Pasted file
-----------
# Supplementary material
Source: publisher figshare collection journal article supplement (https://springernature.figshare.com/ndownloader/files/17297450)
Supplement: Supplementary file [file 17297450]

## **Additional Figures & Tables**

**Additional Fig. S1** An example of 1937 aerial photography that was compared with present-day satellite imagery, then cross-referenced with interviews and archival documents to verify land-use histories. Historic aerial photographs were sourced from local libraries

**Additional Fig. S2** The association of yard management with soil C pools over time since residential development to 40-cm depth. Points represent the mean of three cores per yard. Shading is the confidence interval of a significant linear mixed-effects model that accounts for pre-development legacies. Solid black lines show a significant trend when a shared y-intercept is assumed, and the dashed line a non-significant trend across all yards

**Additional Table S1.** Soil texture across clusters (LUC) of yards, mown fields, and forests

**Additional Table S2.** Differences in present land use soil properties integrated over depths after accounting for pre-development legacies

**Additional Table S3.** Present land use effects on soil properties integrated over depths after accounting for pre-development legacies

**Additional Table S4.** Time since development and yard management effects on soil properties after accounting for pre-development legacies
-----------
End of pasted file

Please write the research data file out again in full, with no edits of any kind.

# Supplementary material
Source: publisher figshare collection journal article supplement (https://springernature.figshare.com/ndownloader/files/17297450)
Supplement: Supplementary file [file 17297450]

## **Additional Figures & Tables**

**Additional Fig. S1** An example of 1937 aerial photography that was compared with present-day satellite imagery, then cross-referenced with interviews and archival documents to verify land-use histories. Historic aerial photographs were sourced from local libraries

**Additional Fig. S2** The association of yard management with soil C pools over time since residential development to 40-cm depth. Points represent the mean of three cores per yard. Shading is the confidence interval of a significant linear mixed-effects model that accounts for pre-development legacies. Solid black lines show a significant trend when a shared y-intercept is assumed, and the dashed line a non-significant trend across all yards

**Additional Table S1.** Soil texture across clusters (LUC) of yards, mown fields, and forests

**Additional Table S2.** Differences in present land use soil properties integrated over depths after accounting for pre-development legacies

**Additional Table S3.** Present land use effects on soil properties integrated over depths after accounting for pre-development legacies

**Additional Table S4.** Time since development and yard management effects on soil properties after accounting for pre-development legacies